Deprivation and Depravation: Moral Policing of Formerly Incarcerated Black Women
- Author(s): Gurusami, Susila
- Advisor(s): Ortiz, Vilma
- Saguy, Abigail C
- et al.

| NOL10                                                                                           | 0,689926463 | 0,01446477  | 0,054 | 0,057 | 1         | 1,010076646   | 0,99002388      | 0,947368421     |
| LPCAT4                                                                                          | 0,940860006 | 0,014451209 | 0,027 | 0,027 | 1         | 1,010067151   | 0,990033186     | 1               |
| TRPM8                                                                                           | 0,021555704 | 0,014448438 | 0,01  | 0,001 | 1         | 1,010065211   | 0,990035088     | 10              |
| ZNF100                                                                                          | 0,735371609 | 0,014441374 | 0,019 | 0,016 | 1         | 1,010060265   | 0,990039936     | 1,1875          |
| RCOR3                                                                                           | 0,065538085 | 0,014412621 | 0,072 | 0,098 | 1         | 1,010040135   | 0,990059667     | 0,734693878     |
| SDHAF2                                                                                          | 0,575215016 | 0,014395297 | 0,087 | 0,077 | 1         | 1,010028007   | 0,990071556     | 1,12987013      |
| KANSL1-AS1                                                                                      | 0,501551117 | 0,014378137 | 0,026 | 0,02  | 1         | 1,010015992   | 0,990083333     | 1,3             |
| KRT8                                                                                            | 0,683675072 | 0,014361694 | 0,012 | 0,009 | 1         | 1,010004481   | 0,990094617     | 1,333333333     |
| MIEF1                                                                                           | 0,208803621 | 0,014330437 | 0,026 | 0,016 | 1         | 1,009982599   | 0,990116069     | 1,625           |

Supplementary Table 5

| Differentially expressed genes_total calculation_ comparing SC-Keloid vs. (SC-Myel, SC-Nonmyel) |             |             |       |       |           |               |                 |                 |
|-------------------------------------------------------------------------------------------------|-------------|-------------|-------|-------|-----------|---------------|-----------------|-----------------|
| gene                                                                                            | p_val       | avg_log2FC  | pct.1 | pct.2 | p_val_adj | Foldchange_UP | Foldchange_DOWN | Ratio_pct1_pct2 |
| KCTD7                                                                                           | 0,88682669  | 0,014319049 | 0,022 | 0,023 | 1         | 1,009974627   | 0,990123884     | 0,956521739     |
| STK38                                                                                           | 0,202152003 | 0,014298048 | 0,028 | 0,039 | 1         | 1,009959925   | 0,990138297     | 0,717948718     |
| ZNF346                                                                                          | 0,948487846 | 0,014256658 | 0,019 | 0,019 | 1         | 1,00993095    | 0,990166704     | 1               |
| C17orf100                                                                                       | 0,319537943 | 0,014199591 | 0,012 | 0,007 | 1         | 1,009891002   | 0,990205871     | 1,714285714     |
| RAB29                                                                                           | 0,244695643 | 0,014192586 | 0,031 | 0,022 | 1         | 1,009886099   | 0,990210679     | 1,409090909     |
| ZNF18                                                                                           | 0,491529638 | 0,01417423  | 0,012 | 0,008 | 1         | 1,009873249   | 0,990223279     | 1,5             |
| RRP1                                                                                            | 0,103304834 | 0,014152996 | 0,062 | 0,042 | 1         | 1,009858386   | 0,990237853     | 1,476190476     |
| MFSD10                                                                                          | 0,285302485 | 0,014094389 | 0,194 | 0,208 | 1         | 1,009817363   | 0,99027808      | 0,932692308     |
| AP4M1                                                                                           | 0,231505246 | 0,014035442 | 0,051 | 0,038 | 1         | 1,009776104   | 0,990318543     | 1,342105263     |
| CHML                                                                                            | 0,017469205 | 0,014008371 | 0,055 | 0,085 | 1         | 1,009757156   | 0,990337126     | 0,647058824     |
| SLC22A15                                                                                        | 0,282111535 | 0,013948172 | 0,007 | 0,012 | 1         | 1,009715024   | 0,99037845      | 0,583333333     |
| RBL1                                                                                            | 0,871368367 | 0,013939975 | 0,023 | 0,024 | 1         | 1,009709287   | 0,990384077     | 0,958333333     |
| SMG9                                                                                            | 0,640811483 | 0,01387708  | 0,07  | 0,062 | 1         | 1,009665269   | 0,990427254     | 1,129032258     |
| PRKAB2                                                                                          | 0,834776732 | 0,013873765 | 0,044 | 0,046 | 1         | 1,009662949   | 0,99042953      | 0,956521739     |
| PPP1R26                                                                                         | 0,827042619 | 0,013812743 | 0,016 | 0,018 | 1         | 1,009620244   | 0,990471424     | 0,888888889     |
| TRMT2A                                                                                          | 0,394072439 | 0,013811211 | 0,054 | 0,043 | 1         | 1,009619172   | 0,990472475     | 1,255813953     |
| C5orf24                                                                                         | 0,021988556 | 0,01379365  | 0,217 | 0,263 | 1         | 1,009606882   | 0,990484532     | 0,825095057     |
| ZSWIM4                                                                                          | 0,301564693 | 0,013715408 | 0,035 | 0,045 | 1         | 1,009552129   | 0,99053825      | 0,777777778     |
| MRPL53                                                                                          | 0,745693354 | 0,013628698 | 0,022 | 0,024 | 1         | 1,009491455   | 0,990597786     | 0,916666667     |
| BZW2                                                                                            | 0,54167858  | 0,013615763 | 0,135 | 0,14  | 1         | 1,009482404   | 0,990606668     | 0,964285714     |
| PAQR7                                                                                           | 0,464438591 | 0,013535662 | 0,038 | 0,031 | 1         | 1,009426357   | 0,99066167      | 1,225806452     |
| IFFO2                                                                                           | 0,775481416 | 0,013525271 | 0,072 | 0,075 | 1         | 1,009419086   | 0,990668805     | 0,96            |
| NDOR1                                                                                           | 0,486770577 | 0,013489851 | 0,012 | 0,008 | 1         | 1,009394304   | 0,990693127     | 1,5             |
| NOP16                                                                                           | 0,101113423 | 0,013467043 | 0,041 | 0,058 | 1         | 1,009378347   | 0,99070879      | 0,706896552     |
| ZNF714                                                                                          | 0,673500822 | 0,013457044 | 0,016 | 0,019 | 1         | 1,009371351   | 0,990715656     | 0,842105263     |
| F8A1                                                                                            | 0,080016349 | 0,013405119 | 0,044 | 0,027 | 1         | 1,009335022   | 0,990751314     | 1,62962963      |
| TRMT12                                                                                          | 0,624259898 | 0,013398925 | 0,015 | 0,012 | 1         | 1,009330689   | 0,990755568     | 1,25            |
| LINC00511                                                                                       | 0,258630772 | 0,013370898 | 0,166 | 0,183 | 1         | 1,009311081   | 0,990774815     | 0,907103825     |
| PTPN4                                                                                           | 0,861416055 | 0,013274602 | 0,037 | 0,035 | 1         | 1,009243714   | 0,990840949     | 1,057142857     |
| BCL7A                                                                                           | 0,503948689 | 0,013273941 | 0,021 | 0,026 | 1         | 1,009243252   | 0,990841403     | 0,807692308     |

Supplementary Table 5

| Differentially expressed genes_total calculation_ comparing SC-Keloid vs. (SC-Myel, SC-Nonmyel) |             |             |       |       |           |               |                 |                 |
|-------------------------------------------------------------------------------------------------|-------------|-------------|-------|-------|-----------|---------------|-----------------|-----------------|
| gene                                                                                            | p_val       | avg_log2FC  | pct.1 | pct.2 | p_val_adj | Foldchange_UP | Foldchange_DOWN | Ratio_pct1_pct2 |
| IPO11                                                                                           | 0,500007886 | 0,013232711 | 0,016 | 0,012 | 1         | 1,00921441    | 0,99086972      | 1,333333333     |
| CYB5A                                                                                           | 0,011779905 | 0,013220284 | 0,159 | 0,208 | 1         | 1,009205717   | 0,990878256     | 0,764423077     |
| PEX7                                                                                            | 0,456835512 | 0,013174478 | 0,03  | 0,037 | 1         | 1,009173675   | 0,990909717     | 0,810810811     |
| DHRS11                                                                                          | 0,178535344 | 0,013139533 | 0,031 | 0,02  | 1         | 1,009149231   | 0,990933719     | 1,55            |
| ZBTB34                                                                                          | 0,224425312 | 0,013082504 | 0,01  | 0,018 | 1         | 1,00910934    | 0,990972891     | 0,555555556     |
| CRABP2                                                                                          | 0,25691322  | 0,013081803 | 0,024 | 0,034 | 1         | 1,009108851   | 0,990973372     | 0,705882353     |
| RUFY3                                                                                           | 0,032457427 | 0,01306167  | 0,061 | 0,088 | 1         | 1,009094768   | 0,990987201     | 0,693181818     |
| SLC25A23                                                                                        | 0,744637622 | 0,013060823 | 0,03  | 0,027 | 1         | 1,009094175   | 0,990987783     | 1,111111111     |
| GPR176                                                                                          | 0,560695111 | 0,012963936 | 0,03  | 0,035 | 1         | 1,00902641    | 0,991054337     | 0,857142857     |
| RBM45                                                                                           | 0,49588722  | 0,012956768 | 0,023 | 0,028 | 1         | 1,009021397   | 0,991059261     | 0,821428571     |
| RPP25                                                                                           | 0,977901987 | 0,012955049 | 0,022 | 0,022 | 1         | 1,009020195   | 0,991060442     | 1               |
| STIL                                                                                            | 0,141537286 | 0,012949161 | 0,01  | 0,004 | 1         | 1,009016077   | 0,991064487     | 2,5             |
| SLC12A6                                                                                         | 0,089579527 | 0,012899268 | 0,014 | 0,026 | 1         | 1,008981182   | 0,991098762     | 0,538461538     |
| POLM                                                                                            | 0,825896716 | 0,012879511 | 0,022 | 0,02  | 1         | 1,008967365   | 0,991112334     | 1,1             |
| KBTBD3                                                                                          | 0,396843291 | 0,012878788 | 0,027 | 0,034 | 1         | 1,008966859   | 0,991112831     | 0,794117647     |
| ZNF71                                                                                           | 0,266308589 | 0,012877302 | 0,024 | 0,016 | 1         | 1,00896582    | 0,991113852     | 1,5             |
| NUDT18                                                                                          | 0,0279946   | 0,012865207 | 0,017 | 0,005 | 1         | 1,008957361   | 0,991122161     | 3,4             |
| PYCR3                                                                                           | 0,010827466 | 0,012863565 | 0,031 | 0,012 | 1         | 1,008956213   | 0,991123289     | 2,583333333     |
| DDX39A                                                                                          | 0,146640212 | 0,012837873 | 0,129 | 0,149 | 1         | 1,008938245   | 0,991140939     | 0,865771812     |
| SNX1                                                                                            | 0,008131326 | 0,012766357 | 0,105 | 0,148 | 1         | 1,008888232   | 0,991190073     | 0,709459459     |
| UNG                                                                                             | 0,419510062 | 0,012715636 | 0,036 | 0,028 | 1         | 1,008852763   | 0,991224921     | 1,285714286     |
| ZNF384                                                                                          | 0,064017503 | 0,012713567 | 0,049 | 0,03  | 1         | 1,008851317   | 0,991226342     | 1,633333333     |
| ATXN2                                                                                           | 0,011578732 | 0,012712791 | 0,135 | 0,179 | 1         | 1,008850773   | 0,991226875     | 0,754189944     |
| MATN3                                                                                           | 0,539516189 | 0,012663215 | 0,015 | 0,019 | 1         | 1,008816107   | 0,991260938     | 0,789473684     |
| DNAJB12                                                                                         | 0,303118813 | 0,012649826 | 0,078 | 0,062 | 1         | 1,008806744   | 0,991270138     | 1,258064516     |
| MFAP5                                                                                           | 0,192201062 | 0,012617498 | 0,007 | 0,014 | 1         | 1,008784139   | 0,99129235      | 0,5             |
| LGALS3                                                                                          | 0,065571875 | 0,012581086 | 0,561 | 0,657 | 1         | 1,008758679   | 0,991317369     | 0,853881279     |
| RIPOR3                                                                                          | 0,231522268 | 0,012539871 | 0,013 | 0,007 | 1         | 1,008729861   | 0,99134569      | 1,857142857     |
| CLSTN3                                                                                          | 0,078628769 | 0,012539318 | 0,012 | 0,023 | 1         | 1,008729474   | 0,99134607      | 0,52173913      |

In this article-based dissertation, I investigate how Black women navigate the everyday challenges that emerge from state surveillance and criminalization after incarceration. I use 18 months of ethnographic observations and participatory-action methods to investigate how Black women navigate their everyday lives after prison or jail. This project reveals what carceral ideologies and practices often conceal: the intersectional lives of women whose experiences are mediated through the criminal justice system and the urban spaces they reenter after months or years behind bars. Through the everyday lives of formerly incarcerated Black women, I illustrate how reentry institutions mobilize ideologies about the criminally deviant Black female subject to justify invasive practices of surveillance and punishment. I capture how the criminal rehabilitation of formerly incarcerated Black women is framed as a moral imperative to achieve independence from the state, yet at the same time, punitive state practices—like finding women in violation of post-release supervision requirements for failing to acquire full-time employment within months of release, despite employment discrimination experienced by people with felony histories— tie these women to the state in perpetuity. Across articles on mothering, the labor market, and citizenship, I demonstrate how reentry institutions produce carceral crises across the dimensions of formerly incarcerated Black women’s lives. I also reveal how these women resist state intrusions and frame their navigation of carcerality as evidence of Black female ingenuity and strength.